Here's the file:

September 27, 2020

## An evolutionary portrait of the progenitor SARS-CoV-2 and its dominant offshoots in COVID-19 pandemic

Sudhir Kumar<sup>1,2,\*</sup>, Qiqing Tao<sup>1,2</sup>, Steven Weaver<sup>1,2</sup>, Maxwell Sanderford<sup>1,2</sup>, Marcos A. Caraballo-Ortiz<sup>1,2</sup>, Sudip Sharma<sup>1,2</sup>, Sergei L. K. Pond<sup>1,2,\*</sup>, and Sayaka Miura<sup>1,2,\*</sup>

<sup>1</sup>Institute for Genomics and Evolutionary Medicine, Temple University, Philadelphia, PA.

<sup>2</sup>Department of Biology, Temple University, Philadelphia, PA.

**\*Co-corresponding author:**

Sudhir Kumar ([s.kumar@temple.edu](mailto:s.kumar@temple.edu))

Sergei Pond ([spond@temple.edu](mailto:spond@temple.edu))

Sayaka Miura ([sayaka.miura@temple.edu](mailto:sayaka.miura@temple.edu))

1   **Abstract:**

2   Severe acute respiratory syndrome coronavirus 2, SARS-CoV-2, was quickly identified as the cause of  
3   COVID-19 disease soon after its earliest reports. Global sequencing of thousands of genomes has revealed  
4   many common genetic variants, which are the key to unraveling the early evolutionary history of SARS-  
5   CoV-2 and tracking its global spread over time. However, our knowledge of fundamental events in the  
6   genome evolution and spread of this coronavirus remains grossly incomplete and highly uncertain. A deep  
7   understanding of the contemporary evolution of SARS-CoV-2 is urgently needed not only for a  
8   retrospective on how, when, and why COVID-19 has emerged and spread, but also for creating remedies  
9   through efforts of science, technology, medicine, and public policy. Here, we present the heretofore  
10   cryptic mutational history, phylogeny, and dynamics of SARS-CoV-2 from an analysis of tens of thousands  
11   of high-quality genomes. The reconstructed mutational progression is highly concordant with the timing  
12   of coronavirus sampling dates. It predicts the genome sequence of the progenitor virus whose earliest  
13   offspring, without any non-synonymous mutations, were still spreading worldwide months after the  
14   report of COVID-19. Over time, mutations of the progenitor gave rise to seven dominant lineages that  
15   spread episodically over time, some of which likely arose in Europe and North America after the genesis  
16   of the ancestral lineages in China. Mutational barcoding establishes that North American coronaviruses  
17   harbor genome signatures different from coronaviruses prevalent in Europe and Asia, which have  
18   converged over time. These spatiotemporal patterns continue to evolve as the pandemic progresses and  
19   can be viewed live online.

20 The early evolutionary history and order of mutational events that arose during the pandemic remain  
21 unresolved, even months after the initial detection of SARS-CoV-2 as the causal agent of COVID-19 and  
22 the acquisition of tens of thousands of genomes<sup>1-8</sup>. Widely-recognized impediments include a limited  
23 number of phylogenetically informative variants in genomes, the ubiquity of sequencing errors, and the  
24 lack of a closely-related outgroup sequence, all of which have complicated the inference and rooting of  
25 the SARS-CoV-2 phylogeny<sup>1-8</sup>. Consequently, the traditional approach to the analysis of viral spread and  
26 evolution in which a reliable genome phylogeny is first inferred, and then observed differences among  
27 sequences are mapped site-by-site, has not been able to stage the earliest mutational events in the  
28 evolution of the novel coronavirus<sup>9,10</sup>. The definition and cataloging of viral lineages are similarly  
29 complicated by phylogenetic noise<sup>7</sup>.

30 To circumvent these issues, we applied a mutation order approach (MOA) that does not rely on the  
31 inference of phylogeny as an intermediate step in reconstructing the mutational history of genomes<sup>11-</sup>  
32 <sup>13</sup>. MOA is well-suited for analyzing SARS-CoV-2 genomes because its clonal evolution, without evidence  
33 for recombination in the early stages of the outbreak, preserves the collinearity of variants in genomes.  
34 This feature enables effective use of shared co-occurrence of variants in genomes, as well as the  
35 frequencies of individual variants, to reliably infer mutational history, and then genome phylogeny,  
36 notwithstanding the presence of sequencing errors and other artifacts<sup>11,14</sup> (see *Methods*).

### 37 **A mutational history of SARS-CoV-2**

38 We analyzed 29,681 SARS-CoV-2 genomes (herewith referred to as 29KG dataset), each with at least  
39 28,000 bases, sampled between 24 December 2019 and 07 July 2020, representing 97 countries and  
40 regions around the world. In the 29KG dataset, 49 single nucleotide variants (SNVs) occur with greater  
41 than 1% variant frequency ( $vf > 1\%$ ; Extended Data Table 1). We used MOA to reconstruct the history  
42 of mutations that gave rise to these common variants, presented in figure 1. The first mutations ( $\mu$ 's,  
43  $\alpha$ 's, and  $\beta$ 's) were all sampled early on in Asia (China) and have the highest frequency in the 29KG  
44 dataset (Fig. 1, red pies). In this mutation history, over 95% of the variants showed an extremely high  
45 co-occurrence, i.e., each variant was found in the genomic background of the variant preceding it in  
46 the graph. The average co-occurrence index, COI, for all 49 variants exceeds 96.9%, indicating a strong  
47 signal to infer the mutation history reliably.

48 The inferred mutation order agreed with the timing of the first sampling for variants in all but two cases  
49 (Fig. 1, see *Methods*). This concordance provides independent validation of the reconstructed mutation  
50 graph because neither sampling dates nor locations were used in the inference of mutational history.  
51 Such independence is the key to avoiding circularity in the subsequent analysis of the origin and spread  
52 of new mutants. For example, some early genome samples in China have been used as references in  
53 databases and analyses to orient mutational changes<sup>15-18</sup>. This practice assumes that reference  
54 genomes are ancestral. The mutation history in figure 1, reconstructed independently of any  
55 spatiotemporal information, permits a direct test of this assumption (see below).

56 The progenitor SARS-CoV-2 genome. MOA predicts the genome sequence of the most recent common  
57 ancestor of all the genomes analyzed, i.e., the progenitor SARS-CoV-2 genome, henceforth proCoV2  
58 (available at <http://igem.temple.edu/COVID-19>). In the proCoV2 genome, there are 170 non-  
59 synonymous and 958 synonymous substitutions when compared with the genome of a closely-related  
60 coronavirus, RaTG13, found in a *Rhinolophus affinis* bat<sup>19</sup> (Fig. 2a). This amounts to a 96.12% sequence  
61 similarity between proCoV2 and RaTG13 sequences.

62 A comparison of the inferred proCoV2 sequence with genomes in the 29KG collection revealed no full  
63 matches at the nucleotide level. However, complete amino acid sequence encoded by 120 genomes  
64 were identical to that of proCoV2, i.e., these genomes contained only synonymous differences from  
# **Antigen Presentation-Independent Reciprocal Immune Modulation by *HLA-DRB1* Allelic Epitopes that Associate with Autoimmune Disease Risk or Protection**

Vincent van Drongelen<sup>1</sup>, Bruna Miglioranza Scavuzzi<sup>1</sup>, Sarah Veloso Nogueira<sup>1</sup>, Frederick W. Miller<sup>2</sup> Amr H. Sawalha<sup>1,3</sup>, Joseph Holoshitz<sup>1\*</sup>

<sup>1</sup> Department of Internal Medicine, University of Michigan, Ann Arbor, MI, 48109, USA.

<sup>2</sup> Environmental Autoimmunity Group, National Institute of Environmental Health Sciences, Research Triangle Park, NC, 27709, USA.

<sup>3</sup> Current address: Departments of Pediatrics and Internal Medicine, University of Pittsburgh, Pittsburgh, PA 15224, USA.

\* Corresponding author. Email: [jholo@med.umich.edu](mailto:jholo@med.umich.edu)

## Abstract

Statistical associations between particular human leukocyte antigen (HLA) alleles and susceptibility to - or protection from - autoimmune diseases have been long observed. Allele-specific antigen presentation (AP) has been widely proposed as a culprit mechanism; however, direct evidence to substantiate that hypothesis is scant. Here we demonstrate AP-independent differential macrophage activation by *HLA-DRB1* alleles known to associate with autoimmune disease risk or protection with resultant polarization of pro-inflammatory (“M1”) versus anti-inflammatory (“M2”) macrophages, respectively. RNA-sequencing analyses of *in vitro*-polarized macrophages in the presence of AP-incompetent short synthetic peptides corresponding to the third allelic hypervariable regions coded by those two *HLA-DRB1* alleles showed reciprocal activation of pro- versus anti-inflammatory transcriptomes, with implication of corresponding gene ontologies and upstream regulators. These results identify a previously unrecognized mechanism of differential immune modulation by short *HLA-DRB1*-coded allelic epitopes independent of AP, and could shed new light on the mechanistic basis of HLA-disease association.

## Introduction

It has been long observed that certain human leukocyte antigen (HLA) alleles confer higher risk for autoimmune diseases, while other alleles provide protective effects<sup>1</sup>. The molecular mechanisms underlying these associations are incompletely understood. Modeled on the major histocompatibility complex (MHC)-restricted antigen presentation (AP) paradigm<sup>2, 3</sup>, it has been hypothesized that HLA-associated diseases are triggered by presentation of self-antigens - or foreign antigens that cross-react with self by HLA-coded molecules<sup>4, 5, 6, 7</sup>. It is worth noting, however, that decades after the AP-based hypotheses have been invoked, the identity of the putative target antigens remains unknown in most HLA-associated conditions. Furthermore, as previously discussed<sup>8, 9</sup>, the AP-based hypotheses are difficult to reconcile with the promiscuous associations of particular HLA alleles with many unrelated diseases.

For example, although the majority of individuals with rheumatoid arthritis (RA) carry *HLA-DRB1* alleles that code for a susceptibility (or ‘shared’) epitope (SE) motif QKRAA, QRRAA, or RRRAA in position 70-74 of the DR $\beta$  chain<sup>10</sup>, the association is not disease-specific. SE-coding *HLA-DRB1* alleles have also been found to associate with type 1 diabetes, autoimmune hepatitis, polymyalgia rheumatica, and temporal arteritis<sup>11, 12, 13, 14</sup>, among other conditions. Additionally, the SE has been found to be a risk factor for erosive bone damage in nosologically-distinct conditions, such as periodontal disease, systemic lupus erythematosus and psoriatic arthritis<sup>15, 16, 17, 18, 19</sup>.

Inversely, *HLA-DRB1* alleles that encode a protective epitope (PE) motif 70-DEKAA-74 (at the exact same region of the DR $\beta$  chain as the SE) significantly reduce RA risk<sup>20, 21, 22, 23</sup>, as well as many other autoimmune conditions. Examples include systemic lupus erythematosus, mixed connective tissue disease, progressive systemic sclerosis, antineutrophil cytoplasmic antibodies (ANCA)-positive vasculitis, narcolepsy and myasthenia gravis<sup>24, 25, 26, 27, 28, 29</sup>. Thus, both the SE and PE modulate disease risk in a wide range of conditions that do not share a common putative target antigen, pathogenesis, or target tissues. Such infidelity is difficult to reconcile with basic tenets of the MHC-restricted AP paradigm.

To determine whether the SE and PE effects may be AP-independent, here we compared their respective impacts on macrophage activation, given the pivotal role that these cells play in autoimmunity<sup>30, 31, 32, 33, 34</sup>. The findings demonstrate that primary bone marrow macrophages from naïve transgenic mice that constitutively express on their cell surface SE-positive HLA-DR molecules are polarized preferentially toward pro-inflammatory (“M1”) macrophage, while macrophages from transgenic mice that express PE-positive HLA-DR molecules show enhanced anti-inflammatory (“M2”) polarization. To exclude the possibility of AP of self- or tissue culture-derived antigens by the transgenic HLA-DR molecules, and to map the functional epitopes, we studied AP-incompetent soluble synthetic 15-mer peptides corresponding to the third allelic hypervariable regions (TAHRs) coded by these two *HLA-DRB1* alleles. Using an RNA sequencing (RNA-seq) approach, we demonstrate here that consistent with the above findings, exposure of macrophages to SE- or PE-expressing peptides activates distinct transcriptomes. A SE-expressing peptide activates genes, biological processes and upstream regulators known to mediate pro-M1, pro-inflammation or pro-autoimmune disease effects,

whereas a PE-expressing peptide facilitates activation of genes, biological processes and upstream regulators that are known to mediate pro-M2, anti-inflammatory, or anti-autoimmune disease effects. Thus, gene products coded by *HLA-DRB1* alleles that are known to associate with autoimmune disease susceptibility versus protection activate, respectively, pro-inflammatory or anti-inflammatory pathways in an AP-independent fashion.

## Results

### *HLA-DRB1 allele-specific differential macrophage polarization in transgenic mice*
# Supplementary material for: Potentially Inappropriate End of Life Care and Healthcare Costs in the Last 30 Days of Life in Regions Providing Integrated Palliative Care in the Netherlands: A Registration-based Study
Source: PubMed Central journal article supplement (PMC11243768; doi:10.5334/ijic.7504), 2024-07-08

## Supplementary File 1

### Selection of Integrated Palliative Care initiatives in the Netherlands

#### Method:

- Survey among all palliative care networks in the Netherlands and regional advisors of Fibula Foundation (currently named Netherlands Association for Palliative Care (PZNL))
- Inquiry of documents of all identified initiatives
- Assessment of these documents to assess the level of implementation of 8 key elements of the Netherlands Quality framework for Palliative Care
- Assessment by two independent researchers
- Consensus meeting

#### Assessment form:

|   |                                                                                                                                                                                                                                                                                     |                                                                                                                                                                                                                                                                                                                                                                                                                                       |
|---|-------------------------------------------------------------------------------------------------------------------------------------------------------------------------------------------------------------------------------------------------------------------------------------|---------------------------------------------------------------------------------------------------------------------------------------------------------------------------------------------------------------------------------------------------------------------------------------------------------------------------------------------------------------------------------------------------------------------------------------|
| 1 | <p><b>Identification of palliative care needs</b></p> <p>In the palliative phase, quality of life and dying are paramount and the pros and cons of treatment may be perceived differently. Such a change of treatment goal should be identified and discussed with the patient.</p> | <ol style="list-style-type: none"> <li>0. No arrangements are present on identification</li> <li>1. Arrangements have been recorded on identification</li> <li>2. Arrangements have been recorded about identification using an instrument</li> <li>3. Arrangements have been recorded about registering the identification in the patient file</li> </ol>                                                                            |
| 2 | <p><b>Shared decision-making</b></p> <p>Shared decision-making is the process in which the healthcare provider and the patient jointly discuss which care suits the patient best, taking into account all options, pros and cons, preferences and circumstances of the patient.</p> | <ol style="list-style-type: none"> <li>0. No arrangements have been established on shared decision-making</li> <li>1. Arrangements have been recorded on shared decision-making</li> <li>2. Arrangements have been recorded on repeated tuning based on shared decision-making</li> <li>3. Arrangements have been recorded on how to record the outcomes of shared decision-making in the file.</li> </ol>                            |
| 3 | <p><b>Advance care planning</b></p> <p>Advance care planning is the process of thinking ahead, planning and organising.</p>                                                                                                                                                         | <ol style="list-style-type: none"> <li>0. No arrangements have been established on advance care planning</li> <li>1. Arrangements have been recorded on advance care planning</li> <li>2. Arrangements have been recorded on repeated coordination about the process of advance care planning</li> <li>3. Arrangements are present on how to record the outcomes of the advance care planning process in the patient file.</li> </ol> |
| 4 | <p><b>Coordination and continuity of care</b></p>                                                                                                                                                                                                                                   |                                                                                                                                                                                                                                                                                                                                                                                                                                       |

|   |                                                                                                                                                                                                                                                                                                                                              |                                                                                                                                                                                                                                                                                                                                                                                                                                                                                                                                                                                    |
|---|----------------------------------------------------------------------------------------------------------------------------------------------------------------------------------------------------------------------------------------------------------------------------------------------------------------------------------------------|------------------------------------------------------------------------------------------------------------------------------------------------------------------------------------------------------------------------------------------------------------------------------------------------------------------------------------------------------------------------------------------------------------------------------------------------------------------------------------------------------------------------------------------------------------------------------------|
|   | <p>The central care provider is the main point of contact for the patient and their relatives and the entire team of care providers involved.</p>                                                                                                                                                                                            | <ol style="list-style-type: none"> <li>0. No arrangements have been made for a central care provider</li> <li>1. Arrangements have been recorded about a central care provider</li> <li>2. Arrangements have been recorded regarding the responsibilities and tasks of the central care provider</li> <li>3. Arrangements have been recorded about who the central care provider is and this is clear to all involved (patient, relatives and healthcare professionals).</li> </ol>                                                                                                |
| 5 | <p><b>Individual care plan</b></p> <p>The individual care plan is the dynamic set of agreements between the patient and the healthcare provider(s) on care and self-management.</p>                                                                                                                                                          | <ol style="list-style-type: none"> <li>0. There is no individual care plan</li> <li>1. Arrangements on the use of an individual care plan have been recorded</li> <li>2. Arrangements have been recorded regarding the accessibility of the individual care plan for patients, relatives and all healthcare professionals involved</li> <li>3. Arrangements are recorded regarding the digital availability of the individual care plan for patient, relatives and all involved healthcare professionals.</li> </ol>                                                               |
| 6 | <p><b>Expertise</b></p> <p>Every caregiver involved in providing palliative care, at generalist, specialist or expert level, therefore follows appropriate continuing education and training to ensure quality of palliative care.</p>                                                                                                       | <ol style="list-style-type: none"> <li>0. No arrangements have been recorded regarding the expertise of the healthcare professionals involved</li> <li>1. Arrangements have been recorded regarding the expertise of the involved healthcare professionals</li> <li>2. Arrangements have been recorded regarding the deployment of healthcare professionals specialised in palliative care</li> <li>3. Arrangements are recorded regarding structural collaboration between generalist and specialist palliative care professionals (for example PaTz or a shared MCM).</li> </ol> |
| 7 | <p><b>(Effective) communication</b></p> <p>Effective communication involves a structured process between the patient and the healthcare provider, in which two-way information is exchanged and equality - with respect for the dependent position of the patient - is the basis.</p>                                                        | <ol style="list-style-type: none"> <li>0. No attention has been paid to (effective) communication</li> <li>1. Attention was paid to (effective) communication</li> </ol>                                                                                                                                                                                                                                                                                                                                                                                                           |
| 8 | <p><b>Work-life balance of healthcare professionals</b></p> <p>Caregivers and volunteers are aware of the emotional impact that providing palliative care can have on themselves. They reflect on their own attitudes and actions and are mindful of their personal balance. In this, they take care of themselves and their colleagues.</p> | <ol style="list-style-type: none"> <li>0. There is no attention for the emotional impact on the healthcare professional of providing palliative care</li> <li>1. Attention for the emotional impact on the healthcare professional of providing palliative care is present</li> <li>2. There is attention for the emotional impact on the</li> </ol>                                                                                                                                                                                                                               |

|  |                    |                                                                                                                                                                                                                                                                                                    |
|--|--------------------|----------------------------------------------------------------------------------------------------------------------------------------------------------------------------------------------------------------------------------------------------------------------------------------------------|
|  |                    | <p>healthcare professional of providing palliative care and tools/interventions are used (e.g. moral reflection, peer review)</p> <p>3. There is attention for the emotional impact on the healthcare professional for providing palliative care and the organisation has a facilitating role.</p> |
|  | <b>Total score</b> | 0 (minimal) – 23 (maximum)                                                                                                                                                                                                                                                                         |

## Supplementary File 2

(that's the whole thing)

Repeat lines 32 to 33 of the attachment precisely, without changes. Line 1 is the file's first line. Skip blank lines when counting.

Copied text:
23 number of phylogenetically informative variants in genomes, the ubiquity of sequencing errors, and the  
24 lack of a closely-related outgroup sequence, all of which have complicated the inference and rooting of  